Copyright & Credit:
Article Source: http://www.ArticleBlast.com
Author:
 You can learn more about cat health, cat stress, and preventing cat urine odor problems online at CatUrineOdorHelp.com.
Photo copyright and courtesy:
Evan Butterfield

5 Questions to ask before your Pet’s Surgery

| May 6, 2017

Your pet is a treasured member of the family so you are naturally concerned about their health.

It is important that you feel comfortable with your vet.

That way you can discuss anything that you are concerned about regarding your pet’s wellbeing.

When your pet is unwell, the more you understand, the more comfortable you will feel.

surgery  nurse-jess  north-shore-vet-services

 

  1. What is my pet suffering from?

If you are not familiar with veterinary jargon, ask your vet to write down the name of the illness / condition your pet has. That way you can understand it better and will not forget. It is important to find out from your vet whether the condition your pet has is acute or chronic, whether it can be fixed or just managed and if it is likely to recur again in the future. That way you will be better informed.

  1. What are the treatment options?

As your pet is important to you, you will want to know all the possible treatment options for them and whether they are commonplace or more specialised. Your vet will offer you all the possible solutions and explain the pros and cons of each one. Sometimes there may be only one obvious treatment option, but there may also be plans B, C or even D. Treatments are classed as “medical”/“conservative”, e.g. medication, or “surgical” (an operation). You can then decide what treatment is right for you.

  1. Risks and Complications

Risks and complications may arise in treatments such as pet surgery. Therefore, even a minor procedure has a set of potential risks. It is the responsibility of the vet to give you an idea about all the complications and risks. After you know all the potential risks and complications, you can then decide whether you proceed with the treatment.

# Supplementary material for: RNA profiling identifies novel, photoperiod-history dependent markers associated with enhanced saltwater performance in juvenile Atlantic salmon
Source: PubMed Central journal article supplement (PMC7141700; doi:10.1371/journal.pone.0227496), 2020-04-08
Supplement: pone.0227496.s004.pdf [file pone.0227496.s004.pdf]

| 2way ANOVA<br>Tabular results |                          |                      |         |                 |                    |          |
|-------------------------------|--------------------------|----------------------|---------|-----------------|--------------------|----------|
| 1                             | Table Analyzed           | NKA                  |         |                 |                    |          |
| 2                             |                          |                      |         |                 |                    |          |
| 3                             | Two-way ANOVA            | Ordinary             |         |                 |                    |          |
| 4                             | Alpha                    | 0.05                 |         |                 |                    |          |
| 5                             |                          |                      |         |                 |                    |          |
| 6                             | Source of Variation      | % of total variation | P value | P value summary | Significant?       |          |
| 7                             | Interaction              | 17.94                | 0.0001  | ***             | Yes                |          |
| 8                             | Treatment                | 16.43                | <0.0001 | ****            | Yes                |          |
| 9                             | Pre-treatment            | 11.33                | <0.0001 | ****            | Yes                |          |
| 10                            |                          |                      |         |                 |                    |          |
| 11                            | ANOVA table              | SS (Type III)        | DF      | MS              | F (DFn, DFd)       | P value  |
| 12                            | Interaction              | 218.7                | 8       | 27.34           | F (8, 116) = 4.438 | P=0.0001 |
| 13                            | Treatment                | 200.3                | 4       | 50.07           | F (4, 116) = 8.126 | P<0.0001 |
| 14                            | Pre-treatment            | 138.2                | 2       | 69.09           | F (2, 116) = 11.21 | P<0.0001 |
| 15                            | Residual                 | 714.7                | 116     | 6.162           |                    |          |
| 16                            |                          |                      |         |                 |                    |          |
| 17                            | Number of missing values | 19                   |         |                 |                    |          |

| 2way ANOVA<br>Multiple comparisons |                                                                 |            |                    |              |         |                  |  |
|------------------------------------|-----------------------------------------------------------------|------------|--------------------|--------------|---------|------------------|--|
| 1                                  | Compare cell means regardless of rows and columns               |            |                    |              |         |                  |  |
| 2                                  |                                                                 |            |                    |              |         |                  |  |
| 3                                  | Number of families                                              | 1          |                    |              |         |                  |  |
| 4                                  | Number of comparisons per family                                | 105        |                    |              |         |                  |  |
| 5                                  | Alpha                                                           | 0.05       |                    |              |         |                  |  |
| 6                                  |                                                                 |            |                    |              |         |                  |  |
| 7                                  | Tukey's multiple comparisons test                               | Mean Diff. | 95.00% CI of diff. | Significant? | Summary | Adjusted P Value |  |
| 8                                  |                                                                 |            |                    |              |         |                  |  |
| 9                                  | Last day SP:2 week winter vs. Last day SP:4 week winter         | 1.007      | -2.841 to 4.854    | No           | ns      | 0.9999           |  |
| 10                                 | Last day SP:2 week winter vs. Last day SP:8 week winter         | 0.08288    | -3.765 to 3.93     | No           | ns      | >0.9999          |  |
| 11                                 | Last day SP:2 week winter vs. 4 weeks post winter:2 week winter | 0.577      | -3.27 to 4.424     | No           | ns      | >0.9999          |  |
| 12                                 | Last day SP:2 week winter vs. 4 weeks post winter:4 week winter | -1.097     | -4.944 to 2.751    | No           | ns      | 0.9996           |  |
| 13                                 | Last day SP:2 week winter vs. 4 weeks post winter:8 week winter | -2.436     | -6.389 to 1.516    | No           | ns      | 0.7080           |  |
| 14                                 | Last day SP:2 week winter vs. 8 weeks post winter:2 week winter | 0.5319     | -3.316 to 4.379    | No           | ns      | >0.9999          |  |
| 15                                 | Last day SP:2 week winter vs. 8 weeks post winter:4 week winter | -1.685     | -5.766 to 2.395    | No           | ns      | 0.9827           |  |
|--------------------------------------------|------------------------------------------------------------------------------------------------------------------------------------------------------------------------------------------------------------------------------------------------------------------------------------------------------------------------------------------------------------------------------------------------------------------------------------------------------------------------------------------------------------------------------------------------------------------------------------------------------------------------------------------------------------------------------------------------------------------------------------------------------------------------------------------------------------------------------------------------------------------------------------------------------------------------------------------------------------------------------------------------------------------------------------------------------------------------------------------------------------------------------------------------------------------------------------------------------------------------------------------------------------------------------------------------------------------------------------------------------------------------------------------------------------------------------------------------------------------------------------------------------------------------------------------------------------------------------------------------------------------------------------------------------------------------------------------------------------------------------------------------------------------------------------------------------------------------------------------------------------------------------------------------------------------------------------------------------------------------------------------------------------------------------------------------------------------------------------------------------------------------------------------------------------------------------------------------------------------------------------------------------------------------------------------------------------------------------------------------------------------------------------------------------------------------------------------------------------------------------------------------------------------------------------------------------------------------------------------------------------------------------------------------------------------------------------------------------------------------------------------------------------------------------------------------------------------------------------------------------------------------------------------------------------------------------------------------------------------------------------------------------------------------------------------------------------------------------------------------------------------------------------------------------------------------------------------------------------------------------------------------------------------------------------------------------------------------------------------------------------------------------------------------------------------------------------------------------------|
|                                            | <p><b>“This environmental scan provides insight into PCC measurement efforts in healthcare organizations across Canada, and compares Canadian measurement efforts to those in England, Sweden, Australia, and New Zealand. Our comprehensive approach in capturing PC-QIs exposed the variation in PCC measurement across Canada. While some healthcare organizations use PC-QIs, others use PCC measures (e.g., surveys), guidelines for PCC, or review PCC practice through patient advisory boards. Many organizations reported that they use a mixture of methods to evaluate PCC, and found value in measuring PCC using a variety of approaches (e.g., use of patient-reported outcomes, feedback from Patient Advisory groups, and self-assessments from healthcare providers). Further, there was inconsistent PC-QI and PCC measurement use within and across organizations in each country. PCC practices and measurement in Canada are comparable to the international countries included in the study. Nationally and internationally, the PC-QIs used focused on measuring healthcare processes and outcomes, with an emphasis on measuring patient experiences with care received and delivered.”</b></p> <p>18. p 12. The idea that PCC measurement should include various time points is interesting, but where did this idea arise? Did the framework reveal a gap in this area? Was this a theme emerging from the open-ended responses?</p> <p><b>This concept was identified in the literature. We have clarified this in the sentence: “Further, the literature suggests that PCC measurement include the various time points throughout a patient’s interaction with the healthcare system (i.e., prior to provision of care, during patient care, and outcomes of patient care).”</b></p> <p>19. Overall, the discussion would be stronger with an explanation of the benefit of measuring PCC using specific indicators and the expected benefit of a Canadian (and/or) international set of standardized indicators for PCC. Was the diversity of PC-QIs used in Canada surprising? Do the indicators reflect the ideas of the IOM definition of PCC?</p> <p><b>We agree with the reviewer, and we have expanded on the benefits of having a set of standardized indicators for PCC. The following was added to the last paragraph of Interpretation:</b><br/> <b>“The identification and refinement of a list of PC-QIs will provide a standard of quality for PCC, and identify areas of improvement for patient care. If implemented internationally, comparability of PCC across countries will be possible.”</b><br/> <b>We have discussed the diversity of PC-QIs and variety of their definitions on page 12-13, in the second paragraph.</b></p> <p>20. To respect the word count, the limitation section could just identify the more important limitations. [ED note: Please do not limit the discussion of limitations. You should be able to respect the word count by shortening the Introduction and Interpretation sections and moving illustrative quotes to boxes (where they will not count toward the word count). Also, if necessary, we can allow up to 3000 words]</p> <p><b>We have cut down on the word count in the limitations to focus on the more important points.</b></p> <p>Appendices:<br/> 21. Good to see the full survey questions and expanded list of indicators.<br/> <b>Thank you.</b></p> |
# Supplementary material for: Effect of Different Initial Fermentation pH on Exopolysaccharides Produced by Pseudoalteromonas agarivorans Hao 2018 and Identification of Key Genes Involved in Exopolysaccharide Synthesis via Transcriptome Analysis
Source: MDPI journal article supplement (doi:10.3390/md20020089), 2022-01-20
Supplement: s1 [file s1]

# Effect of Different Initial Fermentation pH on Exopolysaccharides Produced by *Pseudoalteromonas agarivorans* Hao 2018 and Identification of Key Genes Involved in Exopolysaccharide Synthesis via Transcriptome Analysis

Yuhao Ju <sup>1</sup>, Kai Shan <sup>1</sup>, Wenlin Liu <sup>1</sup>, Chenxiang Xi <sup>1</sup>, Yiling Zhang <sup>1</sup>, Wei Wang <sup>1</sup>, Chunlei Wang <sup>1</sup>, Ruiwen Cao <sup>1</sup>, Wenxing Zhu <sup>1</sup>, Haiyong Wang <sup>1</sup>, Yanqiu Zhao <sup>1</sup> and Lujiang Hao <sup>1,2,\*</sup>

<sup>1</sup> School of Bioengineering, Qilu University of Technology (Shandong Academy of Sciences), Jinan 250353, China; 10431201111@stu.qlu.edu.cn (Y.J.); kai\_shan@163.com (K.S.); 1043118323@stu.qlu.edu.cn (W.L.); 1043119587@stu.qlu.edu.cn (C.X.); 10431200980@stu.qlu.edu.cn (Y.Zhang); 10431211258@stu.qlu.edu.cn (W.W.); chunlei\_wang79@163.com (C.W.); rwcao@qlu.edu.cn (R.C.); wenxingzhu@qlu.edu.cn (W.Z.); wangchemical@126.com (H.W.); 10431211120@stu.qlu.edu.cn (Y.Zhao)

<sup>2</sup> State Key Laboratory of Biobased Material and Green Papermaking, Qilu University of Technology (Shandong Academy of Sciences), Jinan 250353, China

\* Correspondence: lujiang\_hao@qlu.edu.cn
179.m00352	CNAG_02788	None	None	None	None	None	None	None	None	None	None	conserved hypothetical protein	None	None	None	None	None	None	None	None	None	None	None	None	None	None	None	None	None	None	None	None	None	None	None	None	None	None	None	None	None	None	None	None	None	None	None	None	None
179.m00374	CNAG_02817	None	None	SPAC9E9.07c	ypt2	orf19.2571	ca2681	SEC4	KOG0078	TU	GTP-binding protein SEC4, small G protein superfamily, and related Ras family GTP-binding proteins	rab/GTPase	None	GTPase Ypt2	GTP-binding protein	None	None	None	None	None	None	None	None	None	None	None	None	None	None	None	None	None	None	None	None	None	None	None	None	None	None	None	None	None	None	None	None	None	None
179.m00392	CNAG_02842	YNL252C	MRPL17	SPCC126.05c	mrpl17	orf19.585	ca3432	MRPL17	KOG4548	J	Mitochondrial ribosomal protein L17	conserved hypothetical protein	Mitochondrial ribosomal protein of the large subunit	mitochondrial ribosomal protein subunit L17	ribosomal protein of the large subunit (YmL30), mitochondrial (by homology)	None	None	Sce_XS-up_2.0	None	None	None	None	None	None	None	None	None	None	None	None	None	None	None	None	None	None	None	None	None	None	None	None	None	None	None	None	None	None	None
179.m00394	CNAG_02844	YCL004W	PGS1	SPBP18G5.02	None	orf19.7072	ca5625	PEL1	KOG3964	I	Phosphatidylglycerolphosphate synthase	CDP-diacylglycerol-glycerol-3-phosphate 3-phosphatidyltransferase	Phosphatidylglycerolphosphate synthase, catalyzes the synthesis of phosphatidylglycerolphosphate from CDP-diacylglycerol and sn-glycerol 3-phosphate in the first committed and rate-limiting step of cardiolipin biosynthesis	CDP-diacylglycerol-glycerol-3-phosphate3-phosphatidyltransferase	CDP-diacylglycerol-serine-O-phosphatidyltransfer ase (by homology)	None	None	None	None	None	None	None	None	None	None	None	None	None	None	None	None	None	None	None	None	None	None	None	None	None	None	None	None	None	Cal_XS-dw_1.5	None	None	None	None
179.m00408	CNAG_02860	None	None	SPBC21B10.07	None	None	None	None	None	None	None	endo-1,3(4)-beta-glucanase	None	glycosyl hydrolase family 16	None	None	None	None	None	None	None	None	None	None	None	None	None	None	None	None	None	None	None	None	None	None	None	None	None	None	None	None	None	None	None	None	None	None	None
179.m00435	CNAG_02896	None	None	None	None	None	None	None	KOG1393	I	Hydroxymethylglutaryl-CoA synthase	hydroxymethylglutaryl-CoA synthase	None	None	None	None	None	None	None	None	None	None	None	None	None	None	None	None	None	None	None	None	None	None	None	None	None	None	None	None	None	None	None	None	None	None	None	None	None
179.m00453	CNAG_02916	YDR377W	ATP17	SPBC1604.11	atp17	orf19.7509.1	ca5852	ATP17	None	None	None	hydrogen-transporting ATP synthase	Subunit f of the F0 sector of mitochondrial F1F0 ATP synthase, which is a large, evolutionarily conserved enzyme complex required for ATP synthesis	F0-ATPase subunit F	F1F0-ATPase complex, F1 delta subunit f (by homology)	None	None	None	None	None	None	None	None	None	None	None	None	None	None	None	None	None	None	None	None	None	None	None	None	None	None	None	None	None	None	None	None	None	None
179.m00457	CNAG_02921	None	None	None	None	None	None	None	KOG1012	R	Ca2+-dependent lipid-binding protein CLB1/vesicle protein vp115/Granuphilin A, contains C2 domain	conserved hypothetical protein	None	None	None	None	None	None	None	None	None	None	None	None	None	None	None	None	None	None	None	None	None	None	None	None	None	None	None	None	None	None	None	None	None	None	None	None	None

1. Estimate of the Costs

When your vet is explaining the possible treatment options for your pet’s condition, they should also provide you with an estimate of how much each one costs. That way you can decide which treatment is the most suitable one for your budget.

  1. Does the hospital provide overnight care?

Overnight care is where your pet is monitored / attended to during the night by nursing or veterinary staff. Many suburban vets do not provide overnight care. If you don’t like the idea of leaving your pet alone at night, you can discuss transferring them to a local emergency hospital. However there will be an extra cost involved in the transport for this and the care.

  1. Post-Operative Care

If your pet has a procedure (surgery) done, your vet will inform you of the care to be provided once they are discharged and go home. At home care may include, medication (such as antibiotics, pain-killers etc), wound care, rest, restrictions on certain activities, or a special diet.

All in all, your vet will do their best to inform you of the best health and treatment options of your pet. They are a very good source of information and they understand your pet. It is important that you ask all the questions you have about the condition your pet has and the best options for treatment. They want the best for your pet’s health, just like you do!

Author’s Bio:

Angela Hill is a north shore vet who works as the Practice Manager at Gordon Vet Hospital. She loves being surrounded by animals.

9 Reasons for Adopting a Senior Cat and 6 Reasons for Not Adopting a Kitten

| November 24, 2013
Adopting a Senior Cat

He leaped out of the cage and grabbed me around the shoulders. My shock quickly turned into amazement. He hadn’t sunk his claws into me! My thought was, “This cat definitely knows good manners. Somebody has worked with him.” I looked at the ticket on the cage door. It read, “Morgan, male, age 14.”

He leaped out of the cage and grabbed me around the shoulders. My shock quickly turned into amazement. He hadn’t sunk his claws into me! My thought was, “This cat definitely knows good manners. Somebody has worked with him.” I looked at the ticket on the cage door. It read, “Morgan, male, age 14.”

Age 14? I hesitated. That was pretty old. I put him back in the cage and walked around the shelter, looking the other cats over. There were many nice ones, as well as a few kittens.

But my mind kept going back to Morgan, and I realized that, in fact, I had bonded with him. Fourteen years notwithstanding, we had become buddies.

THE PLIGHT OF THE SENIOR CAT

One of the saddest things you’ll see in Animal Shelters is the number of older cats waiting for adoption. By and large, people are looking for kittens.

The older cats languish, many from happy homes where they were loved and cared for, but brought into the shelter for some reason known only to the owner and the cat.

Many people, who don’t like older cats, like kittens. Kittens are cute, cuddly, and funny. They make pleasing pets – but lose their “playfulness” when they grow up, and with it the “love” of their owners.

Somebody said that the mark of a true cat lover is to desire to have grown cats over kittens.

A KITTEN ISN’T ALWAYS WHERE IT’S AT

Many people don’t think through the consequences of adopting a kitten, or of taking one or two kittens from the litter a friend is trying to get rid of, or bringing into your home one left on your doorstep.

Here are a few questions you should ask yourself before you adopt a kitten: